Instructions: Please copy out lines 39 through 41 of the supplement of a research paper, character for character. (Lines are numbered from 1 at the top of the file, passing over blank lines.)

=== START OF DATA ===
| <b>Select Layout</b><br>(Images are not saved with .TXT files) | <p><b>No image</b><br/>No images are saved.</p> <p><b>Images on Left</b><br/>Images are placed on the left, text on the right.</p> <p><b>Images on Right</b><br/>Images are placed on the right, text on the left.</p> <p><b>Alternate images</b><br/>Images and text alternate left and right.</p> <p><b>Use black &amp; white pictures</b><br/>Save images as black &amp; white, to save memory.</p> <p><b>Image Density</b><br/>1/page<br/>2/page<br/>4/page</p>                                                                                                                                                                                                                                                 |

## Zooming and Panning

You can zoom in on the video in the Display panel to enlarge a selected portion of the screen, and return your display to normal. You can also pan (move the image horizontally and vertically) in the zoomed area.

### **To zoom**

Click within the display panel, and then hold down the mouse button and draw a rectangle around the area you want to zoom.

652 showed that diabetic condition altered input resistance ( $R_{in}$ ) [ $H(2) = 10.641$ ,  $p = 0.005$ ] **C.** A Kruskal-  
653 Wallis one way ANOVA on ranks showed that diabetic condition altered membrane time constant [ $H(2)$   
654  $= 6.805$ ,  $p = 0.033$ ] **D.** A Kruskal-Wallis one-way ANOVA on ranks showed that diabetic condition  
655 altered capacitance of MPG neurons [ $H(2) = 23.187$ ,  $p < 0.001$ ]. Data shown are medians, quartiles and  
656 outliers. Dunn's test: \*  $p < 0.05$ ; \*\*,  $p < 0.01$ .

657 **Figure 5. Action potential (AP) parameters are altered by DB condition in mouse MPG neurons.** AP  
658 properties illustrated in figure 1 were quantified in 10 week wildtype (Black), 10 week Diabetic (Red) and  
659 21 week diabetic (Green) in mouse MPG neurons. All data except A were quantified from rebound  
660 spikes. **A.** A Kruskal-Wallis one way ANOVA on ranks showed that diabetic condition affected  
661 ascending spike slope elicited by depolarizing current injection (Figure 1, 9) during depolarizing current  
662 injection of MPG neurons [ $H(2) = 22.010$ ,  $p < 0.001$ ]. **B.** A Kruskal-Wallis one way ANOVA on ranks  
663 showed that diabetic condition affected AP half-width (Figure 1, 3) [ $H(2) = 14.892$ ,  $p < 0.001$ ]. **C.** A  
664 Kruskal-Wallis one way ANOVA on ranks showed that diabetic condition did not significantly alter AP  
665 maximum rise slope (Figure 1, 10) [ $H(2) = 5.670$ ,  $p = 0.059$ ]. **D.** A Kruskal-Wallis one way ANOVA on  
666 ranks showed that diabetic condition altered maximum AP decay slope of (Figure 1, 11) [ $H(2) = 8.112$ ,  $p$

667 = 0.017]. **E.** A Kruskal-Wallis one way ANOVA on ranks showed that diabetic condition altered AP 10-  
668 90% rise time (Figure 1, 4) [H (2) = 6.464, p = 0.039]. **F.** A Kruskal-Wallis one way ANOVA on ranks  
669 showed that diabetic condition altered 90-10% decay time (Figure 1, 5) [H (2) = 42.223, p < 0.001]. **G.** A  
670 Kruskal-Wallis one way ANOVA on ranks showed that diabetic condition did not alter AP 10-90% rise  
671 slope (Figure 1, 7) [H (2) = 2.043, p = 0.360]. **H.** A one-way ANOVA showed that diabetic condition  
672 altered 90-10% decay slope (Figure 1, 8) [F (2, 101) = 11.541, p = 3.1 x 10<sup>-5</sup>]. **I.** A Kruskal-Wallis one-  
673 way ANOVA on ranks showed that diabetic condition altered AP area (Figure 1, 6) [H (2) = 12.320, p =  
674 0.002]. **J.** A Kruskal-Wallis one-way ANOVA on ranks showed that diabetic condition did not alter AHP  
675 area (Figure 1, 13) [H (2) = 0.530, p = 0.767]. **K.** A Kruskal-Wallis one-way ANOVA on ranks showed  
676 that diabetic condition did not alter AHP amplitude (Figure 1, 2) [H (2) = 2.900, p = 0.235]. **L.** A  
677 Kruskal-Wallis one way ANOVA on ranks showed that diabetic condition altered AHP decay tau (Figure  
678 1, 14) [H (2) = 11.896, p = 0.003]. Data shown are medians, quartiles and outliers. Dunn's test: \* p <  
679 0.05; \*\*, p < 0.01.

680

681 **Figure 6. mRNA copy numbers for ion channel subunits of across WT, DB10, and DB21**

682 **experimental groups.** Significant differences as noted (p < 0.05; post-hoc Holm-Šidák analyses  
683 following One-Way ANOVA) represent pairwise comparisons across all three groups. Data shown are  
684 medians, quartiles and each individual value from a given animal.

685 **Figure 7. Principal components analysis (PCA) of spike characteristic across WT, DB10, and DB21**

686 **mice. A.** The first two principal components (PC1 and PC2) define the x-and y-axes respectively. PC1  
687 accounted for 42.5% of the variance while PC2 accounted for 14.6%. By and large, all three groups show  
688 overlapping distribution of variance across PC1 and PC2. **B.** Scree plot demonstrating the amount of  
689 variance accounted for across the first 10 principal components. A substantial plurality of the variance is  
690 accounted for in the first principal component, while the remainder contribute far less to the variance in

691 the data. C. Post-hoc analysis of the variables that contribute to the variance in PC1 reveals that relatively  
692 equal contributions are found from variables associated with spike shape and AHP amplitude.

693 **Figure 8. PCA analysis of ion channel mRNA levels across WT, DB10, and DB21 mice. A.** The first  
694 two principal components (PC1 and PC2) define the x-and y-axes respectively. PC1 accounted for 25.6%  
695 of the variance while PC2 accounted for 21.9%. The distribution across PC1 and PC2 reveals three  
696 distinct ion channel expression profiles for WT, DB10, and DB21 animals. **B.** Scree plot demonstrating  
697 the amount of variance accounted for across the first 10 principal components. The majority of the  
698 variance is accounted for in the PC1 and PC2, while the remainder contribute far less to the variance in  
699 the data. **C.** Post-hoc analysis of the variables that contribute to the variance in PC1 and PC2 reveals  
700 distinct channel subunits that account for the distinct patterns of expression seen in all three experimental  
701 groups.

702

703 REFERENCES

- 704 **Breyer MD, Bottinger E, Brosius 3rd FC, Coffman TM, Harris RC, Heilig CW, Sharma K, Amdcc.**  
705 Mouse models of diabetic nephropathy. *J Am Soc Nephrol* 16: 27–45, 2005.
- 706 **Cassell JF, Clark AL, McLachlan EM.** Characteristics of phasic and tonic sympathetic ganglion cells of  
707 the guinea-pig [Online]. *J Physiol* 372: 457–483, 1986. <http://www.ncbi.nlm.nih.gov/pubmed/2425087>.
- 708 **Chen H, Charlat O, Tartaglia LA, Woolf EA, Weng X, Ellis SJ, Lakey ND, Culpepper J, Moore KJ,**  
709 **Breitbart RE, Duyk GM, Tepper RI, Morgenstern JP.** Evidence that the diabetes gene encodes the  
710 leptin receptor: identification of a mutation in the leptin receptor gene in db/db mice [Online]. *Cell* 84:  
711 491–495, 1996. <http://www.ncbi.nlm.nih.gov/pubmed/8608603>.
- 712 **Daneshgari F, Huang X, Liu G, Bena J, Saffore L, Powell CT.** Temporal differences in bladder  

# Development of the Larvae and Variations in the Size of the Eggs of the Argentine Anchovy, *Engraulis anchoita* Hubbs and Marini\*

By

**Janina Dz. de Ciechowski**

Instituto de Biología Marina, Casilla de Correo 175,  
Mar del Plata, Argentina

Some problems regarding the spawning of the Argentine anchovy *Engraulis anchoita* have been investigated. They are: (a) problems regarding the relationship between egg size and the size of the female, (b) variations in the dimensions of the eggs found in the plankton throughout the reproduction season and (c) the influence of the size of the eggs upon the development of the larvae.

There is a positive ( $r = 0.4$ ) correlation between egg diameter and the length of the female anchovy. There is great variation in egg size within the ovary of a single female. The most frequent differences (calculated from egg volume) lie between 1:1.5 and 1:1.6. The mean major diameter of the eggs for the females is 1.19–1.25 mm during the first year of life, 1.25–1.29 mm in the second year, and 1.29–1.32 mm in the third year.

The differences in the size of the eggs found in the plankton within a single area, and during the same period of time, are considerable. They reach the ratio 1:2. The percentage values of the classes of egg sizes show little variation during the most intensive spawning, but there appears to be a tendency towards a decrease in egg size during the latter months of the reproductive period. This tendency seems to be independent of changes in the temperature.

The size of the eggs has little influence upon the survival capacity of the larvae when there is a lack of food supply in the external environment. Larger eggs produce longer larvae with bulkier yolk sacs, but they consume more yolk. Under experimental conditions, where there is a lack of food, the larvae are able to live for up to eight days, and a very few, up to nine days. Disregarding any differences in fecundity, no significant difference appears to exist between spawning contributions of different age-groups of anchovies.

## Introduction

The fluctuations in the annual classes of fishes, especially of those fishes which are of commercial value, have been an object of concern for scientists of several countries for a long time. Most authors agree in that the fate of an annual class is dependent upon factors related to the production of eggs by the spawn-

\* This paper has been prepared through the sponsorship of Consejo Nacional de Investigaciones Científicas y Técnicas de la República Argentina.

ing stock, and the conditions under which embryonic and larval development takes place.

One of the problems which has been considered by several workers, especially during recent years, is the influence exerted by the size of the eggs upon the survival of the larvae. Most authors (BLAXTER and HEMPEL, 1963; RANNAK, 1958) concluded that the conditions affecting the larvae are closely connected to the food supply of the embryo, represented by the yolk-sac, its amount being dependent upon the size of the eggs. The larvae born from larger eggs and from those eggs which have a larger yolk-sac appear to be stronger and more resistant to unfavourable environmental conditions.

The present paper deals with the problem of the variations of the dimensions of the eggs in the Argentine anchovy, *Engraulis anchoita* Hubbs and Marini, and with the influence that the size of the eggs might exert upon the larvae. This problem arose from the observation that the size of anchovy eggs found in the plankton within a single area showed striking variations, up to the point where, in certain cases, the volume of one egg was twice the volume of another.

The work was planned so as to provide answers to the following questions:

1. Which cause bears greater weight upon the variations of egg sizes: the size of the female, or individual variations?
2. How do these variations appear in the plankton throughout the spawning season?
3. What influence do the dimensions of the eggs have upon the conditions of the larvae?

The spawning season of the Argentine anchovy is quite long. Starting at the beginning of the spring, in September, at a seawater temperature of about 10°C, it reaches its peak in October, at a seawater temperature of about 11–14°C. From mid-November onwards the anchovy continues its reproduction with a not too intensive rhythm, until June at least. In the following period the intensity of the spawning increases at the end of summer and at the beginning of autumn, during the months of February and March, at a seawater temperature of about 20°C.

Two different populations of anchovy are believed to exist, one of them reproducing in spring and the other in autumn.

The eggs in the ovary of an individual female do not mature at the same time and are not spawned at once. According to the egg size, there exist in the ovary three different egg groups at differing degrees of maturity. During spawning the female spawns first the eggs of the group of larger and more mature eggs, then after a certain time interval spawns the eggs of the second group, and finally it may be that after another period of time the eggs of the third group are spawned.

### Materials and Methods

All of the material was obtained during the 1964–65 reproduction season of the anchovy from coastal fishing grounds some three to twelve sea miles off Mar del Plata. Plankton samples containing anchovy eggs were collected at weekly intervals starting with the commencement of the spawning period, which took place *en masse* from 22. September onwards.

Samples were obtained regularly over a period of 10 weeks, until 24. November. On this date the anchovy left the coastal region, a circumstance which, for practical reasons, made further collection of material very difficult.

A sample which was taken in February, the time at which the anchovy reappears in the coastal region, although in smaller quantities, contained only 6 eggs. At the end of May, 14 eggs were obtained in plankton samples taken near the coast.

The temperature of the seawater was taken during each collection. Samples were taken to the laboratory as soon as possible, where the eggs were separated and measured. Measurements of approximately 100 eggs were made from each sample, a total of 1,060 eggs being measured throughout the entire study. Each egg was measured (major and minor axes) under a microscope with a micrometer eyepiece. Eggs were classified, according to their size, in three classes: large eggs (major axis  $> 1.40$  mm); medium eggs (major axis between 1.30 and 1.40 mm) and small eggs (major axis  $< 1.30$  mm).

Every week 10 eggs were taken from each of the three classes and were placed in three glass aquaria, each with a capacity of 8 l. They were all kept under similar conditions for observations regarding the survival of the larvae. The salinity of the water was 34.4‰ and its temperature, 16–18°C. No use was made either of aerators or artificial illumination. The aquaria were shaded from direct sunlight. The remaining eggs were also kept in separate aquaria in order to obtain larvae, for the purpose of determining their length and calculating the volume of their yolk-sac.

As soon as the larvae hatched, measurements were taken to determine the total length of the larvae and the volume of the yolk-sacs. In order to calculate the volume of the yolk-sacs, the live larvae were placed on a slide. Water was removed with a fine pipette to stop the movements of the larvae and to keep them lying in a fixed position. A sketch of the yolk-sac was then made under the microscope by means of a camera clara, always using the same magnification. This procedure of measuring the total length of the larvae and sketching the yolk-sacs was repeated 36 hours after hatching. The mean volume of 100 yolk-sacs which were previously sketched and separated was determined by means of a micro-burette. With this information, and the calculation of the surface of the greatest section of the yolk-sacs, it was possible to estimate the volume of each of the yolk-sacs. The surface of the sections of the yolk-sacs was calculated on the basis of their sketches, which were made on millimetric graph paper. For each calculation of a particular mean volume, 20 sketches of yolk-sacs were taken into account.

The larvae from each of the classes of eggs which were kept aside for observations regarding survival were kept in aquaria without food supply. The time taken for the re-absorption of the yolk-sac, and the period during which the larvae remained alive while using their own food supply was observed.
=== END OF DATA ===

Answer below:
685 **Figure 7. Principal components analysis (PCA) of spike characteristic across WT, DB10, and DB21**

686 **mice. A.** The first two principal components (PC1 and PC2) define the x-and y-axes respectively. PC1  
687 accounted for 42.5% of the variance while PC2 accounted for 14.6%. By and large, all three groups show  